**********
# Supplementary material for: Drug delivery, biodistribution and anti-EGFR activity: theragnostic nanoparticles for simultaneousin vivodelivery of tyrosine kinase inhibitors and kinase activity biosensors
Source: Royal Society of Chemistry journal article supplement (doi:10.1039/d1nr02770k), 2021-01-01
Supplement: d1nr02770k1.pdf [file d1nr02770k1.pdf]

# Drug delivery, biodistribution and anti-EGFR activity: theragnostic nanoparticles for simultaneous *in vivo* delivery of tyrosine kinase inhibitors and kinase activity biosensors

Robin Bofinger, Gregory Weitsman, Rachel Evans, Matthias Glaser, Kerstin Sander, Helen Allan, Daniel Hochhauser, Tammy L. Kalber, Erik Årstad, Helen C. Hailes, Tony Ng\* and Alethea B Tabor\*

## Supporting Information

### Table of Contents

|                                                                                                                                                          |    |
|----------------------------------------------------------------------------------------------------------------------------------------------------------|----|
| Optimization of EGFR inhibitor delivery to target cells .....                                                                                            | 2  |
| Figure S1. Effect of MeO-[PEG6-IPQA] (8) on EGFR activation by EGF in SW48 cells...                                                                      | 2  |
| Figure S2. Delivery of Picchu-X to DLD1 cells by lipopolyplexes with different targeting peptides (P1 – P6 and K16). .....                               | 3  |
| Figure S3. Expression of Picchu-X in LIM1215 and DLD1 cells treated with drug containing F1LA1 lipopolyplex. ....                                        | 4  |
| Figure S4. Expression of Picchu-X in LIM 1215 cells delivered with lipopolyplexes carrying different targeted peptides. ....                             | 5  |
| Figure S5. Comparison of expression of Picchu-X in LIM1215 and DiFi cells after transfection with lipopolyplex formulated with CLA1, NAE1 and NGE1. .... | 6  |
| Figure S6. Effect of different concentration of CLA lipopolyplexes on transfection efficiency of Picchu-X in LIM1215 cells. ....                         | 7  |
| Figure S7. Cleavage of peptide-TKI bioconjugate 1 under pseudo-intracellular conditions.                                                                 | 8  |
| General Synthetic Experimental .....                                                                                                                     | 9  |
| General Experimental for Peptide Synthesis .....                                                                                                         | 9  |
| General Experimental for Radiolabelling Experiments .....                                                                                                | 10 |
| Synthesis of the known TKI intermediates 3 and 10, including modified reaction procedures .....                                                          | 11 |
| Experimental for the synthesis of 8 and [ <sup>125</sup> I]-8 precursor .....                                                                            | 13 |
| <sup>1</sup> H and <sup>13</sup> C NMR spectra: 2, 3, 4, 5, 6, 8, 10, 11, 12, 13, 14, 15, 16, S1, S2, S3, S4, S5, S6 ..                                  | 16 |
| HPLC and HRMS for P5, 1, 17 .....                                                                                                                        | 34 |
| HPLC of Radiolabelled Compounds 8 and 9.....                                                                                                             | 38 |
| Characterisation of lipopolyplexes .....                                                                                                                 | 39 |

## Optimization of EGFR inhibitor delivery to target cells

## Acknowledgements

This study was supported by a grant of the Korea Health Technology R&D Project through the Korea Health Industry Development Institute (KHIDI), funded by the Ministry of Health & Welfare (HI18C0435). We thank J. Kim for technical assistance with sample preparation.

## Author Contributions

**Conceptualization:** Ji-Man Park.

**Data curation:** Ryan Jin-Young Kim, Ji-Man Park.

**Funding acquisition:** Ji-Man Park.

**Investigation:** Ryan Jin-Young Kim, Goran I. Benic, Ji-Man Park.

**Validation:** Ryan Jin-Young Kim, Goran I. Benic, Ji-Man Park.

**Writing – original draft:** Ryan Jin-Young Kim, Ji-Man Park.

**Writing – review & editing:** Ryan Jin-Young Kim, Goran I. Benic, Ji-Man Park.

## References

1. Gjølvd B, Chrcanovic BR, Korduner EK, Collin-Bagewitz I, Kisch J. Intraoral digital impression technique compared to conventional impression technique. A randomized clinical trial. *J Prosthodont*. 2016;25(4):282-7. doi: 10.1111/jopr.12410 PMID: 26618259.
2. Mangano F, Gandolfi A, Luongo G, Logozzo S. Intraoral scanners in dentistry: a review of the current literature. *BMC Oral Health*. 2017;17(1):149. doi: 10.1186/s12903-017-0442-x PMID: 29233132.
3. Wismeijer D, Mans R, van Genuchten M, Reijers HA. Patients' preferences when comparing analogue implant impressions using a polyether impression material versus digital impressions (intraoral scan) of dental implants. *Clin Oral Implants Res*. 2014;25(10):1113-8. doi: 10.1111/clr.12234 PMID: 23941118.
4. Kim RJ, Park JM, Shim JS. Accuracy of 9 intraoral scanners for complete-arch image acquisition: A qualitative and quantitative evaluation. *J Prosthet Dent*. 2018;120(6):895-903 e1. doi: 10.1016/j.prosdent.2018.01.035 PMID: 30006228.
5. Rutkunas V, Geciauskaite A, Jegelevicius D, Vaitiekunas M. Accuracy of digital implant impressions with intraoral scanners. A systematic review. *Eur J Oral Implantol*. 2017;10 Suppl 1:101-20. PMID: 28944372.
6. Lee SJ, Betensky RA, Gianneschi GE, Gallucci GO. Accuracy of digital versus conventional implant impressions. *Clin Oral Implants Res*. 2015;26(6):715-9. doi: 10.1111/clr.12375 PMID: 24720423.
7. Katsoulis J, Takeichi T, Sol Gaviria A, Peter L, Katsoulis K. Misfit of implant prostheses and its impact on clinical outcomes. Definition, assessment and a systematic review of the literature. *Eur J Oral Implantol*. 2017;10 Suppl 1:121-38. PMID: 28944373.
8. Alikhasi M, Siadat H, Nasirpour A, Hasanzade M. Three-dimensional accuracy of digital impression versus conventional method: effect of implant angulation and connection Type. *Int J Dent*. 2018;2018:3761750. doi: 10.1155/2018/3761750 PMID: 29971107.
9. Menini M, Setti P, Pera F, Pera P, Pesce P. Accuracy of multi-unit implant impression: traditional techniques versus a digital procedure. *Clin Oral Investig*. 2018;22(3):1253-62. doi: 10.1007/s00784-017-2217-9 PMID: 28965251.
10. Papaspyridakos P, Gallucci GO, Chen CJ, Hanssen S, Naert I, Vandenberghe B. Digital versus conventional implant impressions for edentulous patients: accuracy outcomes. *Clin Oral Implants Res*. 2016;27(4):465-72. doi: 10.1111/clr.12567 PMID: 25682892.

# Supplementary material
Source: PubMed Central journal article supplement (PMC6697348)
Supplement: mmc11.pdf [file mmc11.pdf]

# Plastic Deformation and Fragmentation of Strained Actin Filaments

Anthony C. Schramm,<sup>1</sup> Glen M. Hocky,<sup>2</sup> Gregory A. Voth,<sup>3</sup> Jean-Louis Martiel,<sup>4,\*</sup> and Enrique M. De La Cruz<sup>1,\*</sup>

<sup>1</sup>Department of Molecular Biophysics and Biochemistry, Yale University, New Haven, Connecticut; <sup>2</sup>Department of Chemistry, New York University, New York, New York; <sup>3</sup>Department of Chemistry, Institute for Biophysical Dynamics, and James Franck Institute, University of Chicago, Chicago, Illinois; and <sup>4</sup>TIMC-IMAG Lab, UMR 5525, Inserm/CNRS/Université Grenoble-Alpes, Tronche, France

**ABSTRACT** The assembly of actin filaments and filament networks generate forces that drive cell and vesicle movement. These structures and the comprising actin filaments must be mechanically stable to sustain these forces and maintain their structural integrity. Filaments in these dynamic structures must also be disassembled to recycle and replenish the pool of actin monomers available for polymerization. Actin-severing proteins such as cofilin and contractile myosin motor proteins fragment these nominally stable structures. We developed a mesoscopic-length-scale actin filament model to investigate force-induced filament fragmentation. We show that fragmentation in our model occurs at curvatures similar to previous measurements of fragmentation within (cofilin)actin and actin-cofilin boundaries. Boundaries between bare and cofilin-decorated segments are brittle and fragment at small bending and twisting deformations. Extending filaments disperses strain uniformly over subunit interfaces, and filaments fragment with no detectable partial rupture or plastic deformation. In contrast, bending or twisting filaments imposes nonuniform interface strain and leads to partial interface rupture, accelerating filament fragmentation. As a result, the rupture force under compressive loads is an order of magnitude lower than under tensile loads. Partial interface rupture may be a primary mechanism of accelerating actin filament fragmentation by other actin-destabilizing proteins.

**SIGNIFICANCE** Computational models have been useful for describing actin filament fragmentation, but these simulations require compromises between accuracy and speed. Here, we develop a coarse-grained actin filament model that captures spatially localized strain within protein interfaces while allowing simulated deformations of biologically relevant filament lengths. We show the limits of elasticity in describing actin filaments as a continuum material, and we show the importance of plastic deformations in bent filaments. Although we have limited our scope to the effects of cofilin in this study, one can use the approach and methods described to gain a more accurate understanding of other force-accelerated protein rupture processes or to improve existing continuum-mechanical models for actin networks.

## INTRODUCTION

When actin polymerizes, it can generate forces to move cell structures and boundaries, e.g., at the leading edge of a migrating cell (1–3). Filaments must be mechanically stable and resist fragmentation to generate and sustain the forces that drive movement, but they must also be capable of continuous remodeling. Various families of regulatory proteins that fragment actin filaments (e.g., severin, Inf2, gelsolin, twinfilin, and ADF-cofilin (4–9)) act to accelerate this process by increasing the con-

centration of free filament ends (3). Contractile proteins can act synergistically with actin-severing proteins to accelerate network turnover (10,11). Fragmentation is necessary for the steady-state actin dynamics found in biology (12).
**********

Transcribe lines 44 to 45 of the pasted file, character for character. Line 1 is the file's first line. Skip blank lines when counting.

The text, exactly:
6. Lee SJ, Betensky RA, Gianneschi GE, Gallucci GO. Accuracy of digital versus conventional implant impressions. *Clin Oral Implants Res*. 2015;26(6):715-9. doi: 10.1111/clr.12375 PMID: 24720423.
7. Katsoulis J, Takeichi T, Sol Gaviria A, Peter L, Katsoulis K. Misfit of implant prostheses and its impact on clinical outcomes. Definition, assessment and a systematic review of the literature. *Eur J Oral Implantol*. 2017;10 Suppl 1:121-38. PMID: 28944373.